Apple is pleased to offer an opportunity for High School Department Chairs to attend a unique seminar that will help them better understand how their Department members can make the most of the opportunities provided through the Maine Learning Technology Initiative (MLTI). This session will be of direct value to High Schools that have delivered the MLTI MacBooks to students 1:1 as well as those in which MLTI MacBooks have only been distributed to teachers.

Understanding that High School Department Chairs have unique responsibilities in terms of assuring that their staffs are making best use of available resources to meet the needs of all students, this session will provide information around ways the MLTI MacBooks and the new 2011-2012 MLTI Software Image can be put to immediate use in all high school classrooms. Also featured will be information on how High Schools can access MLTI Professional Development tailored to their specific curricular needs. MLTI Professional Development is available at no additional cost to your district. It is just another opportunity for you to maximize your district’s investment and make the most of the MLTI.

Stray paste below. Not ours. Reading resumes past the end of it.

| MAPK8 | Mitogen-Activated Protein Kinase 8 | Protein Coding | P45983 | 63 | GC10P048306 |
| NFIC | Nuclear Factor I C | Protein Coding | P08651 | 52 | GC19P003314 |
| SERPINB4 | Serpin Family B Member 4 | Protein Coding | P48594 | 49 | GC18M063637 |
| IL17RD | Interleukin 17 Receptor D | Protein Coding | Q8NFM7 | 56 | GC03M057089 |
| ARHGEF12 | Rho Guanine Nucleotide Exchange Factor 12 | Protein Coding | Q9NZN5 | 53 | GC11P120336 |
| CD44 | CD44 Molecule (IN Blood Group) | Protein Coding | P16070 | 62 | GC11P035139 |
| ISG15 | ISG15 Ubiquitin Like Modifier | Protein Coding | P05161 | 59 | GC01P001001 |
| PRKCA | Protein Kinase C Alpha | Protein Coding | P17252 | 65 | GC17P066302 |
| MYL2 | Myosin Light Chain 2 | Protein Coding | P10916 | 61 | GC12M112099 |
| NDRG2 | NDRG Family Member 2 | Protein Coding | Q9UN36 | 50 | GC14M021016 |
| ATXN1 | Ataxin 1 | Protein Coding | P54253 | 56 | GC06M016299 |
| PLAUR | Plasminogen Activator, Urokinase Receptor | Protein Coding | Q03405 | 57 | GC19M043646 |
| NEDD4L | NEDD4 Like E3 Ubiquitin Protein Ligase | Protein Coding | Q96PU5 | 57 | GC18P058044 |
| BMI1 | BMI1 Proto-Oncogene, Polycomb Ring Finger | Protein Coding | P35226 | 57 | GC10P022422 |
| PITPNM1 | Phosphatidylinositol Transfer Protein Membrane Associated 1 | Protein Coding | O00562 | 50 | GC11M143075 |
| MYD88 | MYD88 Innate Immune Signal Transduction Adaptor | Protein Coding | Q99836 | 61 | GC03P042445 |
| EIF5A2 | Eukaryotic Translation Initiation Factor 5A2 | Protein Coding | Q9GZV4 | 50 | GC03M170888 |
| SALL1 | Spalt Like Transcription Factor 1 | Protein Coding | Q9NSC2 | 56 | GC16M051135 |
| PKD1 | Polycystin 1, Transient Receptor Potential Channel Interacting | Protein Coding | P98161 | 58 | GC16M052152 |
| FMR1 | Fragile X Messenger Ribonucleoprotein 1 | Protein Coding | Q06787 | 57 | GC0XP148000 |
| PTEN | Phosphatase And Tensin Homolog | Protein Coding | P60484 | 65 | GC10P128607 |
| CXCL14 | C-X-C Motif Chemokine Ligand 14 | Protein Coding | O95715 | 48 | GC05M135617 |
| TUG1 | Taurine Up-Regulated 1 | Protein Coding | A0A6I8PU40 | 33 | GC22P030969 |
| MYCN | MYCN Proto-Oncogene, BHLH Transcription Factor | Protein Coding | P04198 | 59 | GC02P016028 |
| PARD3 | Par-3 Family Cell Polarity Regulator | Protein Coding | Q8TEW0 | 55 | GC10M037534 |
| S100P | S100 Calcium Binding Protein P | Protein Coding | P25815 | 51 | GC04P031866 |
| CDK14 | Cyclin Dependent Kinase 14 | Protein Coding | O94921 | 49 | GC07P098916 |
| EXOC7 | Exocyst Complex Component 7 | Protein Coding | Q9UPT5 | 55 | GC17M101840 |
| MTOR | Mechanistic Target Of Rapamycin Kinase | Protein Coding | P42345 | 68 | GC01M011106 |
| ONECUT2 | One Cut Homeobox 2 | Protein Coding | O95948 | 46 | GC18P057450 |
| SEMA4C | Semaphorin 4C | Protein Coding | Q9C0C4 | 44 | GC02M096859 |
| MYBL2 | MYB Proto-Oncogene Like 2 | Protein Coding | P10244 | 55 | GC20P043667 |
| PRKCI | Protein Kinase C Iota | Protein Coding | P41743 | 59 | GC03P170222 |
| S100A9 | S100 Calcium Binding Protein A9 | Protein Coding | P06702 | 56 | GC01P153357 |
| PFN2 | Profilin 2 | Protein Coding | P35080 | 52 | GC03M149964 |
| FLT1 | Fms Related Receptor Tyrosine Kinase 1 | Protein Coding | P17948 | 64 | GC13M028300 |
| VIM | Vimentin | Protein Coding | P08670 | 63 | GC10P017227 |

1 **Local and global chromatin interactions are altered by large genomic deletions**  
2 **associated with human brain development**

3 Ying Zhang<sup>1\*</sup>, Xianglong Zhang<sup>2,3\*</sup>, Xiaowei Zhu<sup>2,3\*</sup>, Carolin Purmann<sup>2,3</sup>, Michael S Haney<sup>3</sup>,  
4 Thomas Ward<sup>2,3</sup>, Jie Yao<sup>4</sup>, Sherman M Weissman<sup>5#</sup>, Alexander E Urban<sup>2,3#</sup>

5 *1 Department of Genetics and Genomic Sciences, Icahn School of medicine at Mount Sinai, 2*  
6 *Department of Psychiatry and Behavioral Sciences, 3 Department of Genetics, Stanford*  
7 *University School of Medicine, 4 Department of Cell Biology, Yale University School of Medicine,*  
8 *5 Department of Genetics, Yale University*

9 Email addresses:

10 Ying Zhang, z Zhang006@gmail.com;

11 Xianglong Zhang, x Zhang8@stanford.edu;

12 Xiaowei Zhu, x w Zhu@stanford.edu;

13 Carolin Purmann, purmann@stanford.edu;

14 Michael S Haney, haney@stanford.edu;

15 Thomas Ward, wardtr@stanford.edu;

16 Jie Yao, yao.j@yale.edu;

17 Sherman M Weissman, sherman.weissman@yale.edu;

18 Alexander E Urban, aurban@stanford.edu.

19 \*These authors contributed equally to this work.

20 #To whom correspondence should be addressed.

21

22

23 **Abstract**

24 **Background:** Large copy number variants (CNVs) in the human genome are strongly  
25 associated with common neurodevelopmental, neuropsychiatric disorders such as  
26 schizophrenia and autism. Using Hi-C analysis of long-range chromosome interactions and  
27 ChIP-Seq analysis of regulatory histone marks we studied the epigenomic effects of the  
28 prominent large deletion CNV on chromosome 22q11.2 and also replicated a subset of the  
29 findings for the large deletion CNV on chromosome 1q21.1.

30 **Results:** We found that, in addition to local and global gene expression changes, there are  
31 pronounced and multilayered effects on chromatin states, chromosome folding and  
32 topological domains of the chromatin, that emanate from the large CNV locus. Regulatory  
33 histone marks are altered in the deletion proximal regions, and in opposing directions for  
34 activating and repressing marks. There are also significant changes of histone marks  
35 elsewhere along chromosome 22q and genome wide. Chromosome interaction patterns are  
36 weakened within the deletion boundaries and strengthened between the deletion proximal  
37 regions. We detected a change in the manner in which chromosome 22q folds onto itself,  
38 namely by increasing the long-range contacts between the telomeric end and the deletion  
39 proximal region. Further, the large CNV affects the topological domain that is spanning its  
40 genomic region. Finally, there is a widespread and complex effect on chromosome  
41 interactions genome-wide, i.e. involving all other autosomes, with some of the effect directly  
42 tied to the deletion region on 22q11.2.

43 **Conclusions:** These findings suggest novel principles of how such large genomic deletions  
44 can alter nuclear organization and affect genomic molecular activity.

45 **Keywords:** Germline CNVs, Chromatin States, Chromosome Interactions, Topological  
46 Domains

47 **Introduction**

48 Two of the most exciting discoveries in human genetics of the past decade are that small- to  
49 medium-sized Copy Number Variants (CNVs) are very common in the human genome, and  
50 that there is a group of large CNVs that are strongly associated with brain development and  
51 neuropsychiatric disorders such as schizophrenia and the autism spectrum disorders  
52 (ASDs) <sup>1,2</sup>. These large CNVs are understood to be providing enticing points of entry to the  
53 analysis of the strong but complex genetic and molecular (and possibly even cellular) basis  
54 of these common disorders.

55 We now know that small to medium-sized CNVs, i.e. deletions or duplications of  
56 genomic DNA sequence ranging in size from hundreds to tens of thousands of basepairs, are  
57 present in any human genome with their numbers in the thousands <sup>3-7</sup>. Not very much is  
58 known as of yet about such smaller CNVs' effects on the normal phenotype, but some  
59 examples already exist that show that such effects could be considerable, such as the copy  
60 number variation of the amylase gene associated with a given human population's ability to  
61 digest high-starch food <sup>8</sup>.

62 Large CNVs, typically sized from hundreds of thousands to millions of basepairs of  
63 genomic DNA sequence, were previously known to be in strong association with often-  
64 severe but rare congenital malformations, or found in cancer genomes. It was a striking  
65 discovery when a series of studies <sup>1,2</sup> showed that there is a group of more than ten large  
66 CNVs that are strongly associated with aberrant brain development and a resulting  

• Date: Tuesday September 13, 2011
  • Time: 3:00 – 5:00 PM
  • Location: Morse High School Library – Bath, Maine

This seminar will be of interest to all High School Department Chairs who want to make the most of the opportunities the Maine Learning Technology Initiative offers.

Space is limited to 30 participants. Snacks will be provided.

To register, please visit:

If you have questions, please contact Jim Moulton at

(NOTE: This session will be in Bath, making it most easily accessible to midcoast-region high schools.  Please be in touch if you are interested in hosting a similar session in a different region of the state, and we will work with you to schedule it.)